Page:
Mortgage Rates Continue Pushing Multi-Month Highs

Mortgage
rates
 moved sharply higher again on Monday, in a continuation of Friday’s aggressive weakness (Get Caught Up With Friday’s Big Moves).  Rates were already well into multi-month highs at the end of last week with today merely making a bad situation worse.  If there’s any silver lining, it’s that the market-based weakness was concentrated in the morning and overnight hours while the rest of the day has been well-contained for the markets that underpin rate movements.  Conventional 30yr Fixed Best Execution was between 3.5 and 3.625% on Friday and today clearly moves to favor 3.625%, with a few lenders an eighth higher or lower (What is A Best-Execution Mortgage Rate?).  

The week ahead is tremendously busy for financial markets and there’s high potential for volatility in MBS, the “Mortgage-Backed-Securities” that most directly influence mortgage rates.  The calendar of economic data and events is packed with important information including two of the most important events of any month: Wedneday’s FOMC Announcement and Friday’s Employment Situation Report.  

To have these two pieces of data 2 days apart on a week where bond markets are already moving into multi-month extremes, and surrounded by plenty of other relevant reports, is a complex and volatile recipe for big potential moves.  Risks remain that rates go higher before we see a decent day of reprieve.  Even then, such days would be assumed to be the exception to the trend until they sufficiently demonstrate their staying power.  That can’t happen until at least Friday, so we’d continue to be extra defensive until then.

Loan Originator Perspectives

Our locking bias has come in handy as rates have (temporarily?) soared for the past week. We’re way past minor pricing adjustments, seeing rates .25% to. 375% higher than just a week ago. Don’t anticipate any huge improvement until we see some bond friendly headlines, hopefully soon!” –Ted Rood, Senior Originator, Wintrust Mortgage.

Rates are now .375% higher than they were through the end of 2012 as slightly better economic and fiscal outlooks have driven Treasury and mortgage bonds to sell past critical technical thresholds—and rates rise when bond prices drop in selloffs. There’s still room for bond prices to drop more and rates to rise more as the wake up call I gave a couple weeks ago is playing out. ” –Julian Hebron, Branch Manager, RPM Mortgage.

Even though the overall downtrend in rates has not been broken. We view this recent uptick as reason enough to lock to prevent further losses for our clients.” –Alan Craft, Senior Loan Officer at Acopia Home Loans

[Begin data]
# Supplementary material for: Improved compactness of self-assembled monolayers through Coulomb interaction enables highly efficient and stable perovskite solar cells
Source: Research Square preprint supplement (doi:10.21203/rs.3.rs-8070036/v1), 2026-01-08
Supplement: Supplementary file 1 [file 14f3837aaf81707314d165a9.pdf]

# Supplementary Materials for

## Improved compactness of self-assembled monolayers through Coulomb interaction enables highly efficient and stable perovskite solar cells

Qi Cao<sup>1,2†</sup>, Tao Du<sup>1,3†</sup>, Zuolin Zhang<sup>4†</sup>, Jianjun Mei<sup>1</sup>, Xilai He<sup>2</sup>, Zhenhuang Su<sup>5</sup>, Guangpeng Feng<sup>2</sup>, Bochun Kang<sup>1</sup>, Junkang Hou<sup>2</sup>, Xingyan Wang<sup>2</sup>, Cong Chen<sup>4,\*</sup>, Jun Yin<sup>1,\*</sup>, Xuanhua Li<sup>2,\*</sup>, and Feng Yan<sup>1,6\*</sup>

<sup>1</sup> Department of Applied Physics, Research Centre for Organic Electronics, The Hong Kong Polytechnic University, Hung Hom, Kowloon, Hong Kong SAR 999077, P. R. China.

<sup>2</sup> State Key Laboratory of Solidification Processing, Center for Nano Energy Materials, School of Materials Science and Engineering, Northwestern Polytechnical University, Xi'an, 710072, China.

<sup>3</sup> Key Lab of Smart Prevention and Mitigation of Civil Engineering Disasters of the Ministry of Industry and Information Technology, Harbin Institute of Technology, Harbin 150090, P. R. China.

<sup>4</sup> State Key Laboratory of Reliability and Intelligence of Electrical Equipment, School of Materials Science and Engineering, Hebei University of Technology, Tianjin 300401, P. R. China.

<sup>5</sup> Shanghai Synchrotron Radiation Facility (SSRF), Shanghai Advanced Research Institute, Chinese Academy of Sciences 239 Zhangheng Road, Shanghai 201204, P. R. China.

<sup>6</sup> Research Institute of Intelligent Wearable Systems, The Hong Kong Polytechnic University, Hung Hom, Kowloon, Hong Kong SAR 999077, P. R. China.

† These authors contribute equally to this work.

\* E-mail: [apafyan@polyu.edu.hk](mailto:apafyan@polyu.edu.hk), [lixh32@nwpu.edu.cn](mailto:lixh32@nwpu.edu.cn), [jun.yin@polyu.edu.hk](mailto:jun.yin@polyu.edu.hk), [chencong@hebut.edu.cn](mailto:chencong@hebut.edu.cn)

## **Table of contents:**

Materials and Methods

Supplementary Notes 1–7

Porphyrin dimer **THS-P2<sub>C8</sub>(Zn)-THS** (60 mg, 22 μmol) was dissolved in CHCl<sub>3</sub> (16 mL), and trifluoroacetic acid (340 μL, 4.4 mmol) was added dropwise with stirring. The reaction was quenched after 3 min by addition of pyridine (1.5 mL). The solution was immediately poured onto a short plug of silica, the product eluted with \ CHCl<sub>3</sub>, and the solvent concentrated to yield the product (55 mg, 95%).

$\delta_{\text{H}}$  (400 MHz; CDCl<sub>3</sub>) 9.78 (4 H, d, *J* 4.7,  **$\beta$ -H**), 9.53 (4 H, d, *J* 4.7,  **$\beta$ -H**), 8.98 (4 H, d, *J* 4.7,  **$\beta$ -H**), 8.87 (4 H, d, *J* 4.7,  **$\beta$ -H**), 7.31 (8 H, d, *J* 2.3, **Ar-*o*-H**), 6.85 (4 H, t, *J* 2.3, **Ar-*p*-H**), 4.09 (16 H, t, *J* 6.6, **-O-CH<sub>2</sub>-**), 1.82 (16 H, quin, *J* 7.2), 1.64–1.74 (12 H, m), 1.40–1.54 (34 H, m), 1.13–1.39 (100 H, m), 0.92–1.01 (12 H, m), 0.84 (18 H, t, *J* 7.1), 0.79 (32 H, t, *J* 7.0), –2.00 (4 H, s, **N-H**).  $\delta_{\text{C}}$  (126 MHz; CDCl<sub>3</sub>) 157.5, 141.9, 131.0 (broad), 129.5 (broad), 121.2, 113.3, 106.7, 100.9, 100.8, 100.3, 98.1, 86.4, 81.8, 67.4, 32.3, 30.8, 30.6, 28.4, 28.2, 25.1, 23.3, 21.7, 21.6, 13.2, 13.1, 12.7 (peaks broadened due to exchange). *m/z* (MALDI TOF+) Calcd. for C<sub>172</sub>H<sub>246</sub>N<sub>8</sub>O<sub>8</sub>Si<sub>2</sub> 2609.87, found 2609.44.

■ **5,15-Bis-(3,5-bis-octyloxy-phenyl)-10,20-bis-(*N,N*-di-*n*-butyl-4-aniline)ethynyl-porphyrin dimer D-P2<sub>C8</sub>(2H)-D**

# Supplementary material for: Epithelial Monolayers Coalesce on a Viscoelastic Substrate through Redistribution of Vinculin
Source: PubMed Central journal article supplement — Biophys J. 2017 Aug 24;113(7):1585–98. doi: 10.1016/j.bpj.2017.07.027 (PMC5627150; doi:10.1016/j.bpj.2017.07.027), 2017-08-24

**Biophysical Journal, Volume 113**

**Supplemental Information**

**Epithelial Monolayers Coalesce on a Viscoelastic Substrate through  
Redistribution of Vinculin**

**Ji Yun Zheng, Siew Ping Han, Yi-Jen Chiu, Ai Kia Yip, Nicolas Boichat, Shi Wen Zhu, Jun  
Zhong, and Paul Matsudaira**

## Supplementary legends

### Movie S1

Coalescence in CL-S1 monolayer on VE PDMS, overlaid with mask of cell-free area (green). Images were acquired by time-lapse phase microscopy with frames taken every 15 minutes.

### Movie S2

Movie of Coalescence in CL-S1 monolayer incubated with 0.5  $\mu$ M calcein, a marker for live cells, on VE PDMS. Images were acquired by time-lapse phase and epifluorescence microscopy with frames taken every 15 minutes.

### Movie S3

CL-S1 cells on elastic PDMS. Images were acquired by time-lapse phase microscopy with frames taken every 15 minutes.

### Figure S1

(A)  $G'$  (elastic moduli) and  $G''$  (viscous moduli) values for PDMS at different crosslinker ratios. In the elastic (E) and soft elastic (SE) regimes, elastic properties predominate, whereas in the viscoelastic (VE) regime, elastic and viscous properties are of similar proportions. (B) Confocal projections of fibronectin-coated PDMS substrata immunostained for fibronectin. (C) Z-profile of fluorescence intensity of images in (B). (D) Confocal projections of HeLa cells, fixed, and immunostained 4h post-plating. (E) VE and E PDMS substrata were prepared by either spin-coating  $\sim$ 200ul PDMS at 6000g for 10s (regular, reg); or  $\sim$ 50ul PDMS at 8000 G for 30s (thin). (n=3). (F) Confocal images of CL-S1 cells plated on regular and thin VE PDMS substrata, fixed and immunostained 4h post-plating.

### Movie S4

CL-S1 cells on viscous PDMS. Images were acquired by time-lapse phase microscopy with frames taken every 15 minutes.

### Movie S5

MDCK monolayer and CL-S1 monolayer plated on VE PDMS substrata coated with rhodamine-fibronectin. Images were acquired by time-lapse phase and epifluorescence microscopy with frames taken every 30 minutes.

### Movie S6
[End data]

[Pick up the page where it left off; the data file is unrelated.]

As we have seen before, the upward movements in rates is swift. When and if they fall, it will be painfully slow as always. If you were floating in hopes of 2012 rates, sorry not happening soon. I know I’ve been trying to make it clear to lock. Some folks did, but some should have and didn’t. We can hope for some improvement, but where that will come from is anyone’s guess. The lesson here is locking is the right thing to do 99% of the time.” –Mike Owens, Partner, Horizon Financial, Inc.

Today’s Best-Execution Rates

  • 30YR FIXED – 3.625%
  • FHA/VA – 3.25% – 3.5% (varies more between lenders than conventional 30yr
    Fixed)
  • 15 YEAR FIXED –  2.875%- 3.00%
  • 5 YEAR ARMS –  2.625-3.25% depending on the lender

Ongoing Lock/Float Considerations

  • Rates have risen moderately from their all-time lows, making for relatively increased reward for floating at the expense of greater risks of loss.
  • Rates could easily move higher or lower, and unscheduled, unexpected events can ultimately have the most say in the direction.
  • Near term risks in 2013 include the upcoming debt-ceiling debate in Washington as well as the Fed’s policy outlook regarding securities purchases.
  • Prospects For Extending The Debt Ceiling Deadline currently seem to be preventing a move back down in rate.  Passage of such legislation could further support a rising rate environment.
  • (As always, please keep in mind that our talk of Best-Execution
    always pertains to a completely ideal scenario.  There can be all
    sorts of reasons that your quoted rate would not be the same as our
    average rates, and in those cases, assuming you’re following along on a
    day to day basis, simply use the Best-Ex levels we quote as a baseline to
    track potential movement in your quoted rate).

Article source: http://www.mortgagenewsdaily.com/consumer_rates/293268.aspx

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